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People with eye cancer may have questions about their prognosis and survival. Prognosis and survival depend on many factors. Only a doctor familiar with a person’s medical history, type of cancer, stage, characteristics of the cancer, treatments chosen and response to treatment can put all of this information together with survival statistics to arrive at a prognosis.
A prognosis is the doctor’s best estimate of how cancer will affect a person, and how it will respond to treatment. A prognostic factor is an aspect of the cancer or a characteristic of the person that the doctor will consider when making a prognosis. A predictive factor influences how a cancer will respond to a certain treatment. Prognostic and predictive factors are often discussed together and they both play a part in deciding on a treatment plan and a prognosis.
The following are prognostic factors for eye cancer.
Generally, a smaller eye tumour has a better prognosis than a larger tumour. Thickness and diameter of the eye tumour are prognostic factors for intraocular melanoma. Larger and thicker eye melanomas have an increased chance of spreading (metastasizing). Melanomas less than 3 mm (0.1 inches) in thickness have a better prognosis than thicker melanomas of the eye.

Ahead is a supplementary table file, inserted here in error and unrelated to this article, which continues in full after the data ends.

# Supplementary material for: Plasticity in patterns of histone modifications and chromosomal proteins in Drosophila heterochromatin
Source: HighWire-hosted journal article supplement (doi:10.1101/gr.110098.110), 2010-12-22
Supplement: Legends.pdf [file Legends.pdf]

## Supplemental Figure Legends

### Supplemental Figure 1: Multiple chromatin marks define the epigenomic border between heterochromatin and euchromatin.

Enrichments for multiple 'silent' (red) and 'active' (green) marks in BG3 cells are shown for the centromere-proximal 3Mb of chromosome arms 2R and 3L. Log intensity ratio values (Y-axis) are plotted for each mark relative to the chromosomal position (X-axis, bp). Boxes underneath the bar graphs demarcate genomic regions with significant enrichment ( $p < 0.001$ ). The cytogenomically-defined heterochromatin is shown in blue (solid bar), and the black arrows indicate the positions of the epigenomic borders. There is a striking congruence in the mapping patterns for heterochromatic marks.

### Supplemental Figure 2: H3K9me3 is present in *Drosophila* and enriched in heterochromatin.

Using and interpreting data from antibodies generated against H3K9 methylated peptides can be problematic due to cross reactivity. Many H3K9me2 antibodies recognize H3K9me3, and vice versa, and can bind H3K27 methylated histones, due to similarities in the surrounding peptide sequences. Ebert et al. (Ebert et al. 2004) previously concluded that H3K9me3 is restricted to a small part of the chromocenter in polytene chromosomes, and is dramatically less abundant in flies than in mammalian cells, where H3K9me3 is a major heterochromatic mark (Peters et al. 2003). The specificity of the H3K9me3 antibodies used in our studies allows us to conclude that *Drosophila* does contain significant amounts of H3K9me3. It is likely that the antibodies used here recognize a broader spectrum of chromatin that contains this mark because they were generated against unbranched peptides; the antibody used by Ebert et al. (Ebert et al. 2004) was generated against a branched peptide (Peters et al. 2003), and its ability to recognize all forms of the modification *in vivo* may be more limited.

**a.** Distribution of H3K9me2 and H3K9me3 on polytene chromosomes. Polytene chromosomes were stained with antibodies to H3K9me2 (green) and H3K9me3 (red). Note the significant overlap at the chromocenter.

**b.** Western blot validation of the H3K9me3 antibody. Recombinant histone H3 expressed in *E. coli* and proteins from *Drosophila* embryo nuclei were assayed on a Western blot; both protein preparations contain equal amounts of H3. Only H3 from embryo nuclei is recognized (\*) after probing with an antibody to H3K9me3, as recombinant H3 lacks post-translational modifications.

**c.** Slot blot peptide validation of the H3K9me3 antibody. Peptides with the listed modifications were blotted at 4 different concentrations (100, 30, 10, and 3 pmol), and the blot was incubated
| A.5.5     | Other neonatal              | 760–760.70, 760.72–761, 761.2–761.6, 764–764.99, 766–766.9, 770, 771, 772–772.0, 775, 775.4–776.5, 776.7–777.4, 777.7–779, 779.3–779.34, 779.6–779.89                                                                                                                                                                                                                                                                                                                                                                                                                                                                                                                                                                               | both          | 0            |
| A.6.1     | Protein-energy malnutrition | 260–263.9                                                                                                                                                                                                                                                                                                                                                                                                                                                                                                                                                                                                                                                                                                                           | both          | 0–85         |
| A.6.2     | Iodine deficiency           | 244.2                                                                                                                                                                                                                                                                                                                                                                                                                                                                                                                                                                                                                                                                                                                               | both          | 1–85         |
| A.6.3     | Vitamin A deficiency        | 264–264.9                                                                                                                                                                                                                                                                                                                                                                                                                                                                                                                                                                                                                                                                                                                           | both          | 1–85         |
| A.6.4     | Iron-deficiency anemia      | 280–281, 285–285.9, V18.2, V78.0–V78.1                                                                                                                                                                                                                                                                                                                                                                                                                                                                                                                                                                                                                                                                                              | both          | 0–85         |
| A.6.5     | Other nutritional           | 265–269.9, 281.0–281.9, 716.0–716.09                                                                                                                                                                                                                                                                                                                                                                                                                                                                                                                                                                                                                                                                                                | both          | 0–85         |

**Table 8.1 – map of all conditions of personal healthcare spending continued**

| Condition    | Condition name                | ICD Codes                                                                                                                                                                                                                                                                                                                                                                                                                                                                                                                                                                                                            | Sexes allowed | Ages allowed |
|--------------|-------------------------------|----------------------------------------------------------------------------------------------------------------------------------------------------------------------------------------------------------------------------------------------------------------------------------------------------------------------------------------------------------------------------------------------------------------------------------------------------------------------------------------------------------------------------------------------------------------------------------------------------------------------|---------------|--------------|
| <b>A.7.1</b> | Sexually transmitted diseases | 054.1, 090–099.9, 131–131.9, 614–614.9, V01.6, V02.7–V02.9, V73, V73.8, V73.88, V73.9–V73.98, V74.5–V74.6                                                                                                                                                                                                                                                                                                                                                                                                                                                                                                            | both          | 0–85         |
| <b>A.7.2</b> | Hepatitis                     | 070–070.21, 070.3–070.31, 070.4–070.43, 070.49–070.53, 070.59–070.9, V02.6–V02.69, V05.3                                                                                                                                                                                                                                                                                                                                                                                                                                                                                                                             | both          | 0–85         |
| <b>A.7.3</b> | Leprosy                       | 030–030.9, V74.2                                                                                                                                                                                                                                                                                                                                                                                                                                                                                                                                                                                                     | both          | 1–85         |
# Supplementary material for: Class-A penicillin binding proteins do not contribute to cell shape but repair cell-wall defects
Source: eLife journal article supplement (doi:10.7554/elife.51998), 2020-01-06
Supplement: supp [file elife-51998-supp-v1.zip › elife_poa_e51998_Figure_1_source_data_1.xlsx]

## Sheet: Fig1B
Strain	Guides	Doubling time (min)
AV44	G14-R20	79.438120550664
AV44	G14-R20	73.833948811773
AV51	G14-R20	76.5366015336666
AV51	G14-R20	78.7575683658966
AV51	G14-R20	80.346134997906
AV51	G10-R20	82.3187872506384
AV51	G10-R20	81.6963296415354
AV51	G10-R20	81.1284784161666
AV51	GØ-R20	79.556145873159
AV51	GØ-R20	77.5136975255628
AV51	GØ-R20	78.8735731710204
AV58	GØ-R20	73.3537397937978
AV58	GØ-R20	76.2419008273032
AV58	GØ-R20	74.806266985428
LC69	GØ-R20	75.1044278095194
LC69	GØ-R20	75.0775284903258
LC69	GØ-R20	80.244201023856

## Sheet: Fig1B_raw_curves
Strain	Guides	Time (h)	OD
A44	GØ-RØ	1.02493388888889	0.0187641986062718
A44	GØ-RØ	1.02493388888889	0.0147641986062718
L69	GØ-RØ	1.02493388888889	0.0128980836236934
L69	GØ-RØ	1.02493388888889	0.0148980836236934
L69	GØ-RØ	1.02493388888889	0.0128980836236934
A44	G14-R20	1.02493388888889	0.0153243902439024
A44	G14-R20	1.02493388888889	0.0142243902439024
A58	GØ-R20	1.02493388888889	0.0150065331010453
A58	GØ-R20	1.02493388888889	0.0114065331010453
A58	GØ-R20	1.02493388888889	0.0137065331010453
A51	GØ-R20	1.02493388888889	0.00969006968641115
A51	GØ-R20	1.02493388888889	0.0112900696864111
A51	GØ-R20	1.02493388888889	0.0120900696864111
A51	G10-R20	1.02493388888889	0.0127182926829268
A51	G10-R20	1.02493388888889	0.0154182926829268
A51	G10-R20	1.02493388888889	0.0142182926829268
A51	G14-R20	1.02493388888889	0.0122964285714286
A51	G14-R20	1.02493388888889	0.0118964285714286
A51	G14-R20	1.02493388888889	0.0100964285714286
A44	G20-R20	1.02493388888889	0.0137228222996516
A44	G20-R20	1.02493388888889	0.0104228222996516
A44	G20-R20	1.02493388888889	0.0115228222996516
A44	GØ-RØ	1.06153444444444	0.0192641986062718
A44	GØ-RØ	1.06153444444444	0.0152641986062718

A melanoma of the iris often has a better prognosis than a melanoma of the choroid or ciliary body. Iris melanomas are often found at an early stage. Choroidal melanomas have an intermediate prognosis. Ciliary body melanomas are often larger when they are first found and have the least favourable prognosis.
Eye melanomas occur as a single nodule or grow in a diffuse (spreading) pattern. Diffuse eye melanomas tend to have a less favourable prognosis than nodular melanomas because they tend to be more invasive and spread outside the sclera of the eye (extrascleral extension) or beyond the eye (extraocular extension).
Cell type is a prognostic factor for melanomas of the eye. Generally, spindle cell melanomas have a better prognosis than epithelioid and mixed cell melanoma of the eye.
Eye melanomas with cells that grow and divide slowly (cells with low mitotic activity) have a more favourable outcome than those with cells that grow and divide faster (greater mitotic activity).
The presence of blood vessel (vascular) networks within the tumour is strongly associated with metastatic disease, so tumours with this feature have a less favourable prognosis.
It may be that people with certain chromosomal (cytogenetic) abnormalities have an increased risk of melanoma spreading from the eye. The presence of abnormalities in chromosomes 3, 6, 8 and 9 has been found in people with eye cancer. The chromosomal abnormality most often associated with a poorer outcome in people with eye cancer is a loss of chromosome 3 (monosomy 3).